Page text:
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New Federal Designation For Monongahela National Forest Works to Combat Insects and Diseases

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A new federal designation for Monongahela National Forest will allow the West Virginia Division of Forestry to work with the federal government to combat insect and disease threats to the forest.

Governor Earl Ray Tomblin cited the threats to the forest in a recent letter; including beech bark disease, hemlock woolly adelgid, gypsy moth, and emerald ash borer.

U.S. Agriculture Secretary Tom Vilsack announced the designation on May 20, 2014. It applies to 94 national forests in 35 states.

“I believe the Insect and Disease Area Designation, which was made possible by the 2014 Farm Bill, is an essential tool to protect one of our nation’s greatest treasures, the Monongahela National Forest,” State Forester Randy Dye said.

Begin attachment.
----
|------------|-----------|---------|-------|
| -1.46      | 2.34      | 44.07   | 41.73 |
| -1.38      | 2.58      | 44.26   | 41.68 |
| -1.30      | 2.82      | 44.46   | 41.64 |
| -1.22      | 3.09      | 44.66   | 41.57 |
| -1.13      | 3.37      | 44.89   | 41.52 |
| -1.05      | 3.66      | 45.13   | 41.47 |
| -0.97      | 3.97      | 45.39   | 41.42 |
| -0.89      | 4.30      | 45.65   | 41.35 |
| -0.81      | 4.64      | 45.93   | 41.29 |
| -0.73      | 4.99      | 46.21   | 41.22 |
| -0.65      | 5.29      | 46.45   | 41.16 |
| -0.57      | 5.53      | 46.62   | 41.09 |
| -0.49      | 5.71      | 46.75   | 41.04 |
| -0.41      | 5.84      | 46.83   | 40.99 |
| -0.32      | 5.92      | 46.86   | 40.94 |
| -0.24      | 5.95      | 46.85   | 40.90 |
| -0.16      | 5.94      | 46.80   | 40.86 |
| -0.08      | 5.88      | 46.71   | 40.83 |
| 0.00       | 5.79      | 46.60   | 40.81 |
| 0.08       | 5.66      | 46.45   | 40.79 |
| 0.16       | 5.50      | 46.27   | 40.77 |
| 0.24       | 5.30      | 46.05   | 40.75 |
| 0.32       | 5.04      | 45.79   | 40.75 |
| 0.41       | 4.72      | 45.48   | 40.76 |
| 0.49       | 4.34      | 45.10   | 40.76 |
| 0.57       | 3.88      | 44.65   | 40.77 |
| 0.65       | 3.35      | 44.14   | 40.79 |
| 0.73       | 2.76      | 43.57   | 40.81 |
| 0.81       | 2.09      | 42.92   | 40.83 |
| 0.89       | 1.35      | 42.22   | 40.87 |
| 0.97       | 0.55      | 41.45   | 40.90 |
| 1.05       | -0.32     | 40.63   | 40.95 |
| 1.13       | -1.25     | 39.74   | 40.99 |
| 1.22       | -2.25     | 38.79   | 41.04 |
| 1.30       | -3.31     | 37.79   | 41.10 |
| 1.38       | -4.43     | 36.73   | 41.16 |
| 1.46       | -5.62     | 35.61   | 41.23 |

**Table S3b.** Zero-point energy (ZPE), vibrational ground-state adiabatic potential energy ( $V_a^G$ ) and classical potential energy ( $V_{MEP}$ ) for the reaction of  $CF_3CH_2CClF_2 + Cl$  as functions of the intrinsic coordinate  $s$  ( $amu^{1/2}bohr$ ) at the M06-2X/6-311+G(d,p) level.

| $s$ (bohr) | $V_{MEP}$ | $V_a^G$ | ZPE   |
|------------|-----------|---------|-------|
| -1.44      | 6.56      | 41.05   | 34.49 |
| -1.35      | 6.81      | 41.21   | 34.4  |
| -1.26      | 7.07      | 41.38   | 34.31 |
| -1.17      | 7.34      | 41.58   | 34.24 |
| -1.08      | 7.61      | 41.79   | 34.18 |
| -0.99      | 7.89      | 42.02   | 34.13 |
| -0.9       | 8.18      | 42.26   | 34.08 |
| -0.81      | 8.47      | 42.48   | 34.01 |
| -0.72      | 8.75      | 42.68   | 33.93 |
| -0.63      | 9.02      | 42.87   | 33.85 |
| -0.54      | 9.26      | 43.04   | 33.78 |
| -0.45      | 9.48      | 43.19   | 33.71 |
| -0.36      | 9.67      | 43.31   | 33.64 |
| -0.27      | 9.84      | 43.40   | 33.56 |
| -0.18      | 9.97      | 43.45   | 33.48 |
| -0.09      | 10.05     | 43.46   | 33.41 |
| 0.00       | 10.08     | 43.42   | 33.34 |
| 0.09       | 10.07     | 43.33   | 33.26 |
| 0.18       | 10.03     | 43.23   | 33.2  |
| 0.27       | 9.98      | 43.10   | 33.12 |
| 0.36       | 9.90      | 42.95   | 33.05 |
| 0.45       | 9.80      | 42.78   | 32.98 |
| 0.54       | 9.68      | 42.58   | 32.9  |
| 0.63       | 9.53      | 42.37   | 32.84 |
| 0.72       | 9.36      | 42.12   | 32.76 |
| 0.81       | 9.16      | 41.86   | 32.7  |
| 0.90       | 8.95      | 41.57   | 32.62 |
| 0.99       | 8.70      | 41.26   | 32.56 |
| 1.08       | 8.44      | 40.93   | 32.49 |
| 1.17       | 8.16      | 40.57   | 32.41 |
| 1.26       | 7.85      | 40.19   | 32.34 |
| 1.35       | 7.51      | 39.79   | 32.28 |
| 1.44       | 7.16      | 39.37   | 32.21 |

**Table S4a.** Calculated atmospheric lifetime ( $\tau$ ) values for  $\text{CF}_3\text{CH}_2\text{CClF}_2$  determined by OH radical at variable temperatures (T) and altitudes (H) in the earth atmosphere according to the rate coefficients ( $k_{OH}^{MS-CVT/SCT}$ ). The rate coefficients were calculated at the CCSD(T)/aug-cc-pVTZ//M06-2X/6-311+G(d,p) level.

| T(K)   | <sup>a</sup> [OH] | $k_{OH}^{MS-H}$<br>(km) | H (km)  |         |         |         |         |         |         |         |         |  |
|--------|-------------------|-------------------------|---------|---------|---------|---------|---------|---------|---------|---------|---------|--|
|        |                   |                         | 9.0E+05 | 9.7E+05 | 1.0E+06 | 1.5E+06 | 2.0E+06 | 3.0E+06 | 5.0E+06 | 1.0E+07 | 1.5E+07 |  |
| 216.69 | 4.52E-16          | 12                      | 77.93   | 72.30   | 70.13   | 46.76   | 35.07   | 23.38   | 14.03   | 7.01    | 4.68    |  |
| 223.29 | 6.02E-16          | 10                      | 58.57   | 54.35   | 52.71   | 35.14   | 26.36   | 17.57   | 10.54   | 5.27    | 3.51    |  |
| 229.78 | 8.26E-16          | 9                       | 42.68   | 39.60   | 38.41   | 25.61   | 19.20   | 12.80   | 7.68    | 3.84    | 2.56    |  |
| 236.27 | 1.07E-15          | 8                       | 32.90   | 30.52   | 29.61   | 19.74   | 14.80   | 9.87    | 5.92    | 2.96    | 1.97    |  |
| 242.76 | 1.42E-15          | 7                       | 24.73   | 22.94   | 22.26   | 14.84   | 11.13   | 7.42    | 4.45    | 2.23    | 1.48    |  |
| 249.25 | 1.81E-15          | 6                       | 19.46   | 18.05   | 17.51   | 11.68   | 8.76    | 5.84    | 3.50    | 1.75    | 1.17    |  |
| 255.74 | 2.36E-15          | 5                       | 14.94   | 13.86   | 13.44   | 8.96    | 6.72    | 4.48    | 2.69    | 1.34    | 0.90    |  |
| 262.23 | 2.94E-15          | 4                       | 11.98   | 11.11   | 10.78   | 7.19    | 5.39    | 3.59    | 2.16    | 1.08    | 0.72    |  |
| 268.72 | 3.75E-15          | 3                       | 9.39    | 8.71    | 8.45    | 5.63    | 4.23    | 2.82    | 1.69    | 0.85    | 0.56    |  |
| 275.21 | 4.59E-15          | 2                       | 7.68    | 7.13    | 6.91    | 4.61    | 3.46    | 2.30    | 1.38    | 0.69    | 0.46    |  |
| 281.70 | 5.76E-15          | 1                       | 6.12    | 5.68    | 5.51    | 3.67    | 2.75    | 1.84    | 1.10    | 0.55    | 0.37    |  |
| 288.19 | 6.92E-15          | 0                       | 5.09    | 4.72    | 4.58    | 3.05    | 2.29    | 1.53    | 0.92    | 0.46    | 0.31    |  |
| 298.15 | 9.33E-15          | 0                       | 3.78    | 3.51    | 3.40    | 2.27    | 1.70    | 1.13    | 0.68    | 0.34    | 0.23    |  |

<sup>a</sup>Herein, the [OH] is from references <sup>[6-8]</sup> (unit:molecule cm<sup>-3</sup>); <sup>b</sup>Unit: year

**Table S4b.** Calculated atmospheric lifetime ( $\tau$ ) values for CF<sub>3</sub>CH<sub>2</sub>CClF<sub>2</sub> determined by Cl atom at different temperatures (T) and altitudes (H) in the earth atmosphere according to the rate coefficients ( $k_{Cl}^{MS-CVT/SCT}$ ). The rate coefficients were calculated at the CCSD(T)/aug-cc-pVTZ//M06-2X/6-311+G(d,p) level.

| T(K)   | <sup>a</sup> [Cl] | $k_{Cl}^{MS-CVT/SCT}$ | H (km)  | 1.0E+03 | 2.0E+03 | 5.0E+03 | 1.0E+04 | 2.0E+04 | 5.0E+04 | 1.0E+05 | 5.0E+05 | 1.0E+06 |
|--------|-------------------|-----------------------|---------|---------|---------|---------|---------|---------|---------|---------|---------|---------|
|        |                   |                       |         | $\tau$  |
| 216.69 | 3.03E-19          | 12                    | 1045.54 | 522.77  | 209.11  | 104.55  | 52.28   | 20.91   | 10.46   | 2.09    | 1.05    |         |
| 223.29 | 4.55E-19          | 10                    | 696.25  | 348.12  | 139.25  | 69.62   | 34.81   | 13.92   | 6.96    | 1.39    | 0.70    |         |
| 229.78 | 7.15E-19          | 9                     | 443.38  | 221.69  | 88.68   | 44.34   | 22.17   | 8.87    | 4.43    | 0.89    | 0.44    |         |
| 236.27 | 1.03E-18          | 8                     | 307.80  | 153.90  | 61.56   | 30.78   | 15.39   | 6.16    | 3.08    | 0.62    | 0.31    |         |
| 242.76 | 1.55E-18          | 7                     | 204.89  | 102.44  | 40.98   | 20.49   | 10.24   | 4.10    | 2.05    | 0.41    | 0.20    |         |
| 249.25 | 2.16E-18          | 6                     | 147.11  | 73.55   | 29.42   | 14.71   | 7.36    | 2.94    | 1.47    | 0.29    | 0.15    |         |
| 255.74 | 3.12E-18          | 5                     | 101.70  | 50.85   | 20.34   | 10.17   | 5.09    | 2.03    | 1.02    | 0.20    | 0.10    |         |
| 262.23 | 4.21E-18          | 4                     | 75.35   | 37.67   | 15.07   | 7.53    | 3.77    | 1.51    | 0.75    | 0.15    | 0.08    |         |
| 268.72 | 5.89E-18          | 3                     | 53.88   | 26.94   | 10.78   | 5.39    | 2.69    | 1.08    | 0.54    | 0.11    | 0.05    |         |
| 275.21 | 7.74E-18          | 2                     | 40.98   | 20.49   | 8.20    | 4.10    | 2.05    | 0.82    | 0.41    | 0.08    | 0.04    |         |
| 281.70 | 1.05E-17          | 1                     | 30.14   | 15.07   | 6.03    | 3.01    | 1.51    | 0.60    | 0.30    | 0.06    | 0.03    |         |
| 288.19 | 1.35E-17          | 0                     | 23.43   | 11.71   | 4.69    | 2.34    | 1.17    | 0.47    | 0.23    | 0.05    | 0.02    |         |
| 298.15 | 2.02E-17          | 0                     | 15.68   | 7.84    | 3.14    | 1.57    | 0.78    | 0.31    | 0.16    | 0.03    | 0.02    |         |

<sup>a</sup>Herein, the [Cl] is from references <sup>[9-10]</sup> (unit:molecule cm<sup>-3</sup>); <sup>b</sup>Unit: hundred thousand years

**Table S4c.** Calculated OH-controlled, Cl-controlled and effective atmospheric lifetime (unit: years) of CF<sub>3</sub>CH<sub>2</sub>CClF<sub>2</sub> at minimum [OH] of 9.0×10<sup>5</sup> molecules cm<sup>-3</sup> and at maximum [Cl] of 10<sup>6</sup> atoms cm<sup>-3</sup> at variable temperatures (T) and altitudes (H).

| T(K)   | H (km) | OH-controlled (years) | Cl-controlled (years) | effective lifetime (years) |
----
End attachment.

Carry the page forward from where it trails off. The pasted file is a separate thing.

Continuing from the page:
Insect and disease in forests are linked to making forests more susceptible to wildfire. The MNF occupies 919,000 acres in 10 counties across the state.

“This designation allows the Forest Service to more quickly plan insect and disease treatments and restoration projects within the designated areas,” Dye said. “I look forward to working with the U.S. Forest Service to help keep the Monongahela National Forest a wild and wonderful place for future generations to enjoy.”

For more information about insect and disease designations, including specific areas, forests by state and the governor’s designation request letter, visit

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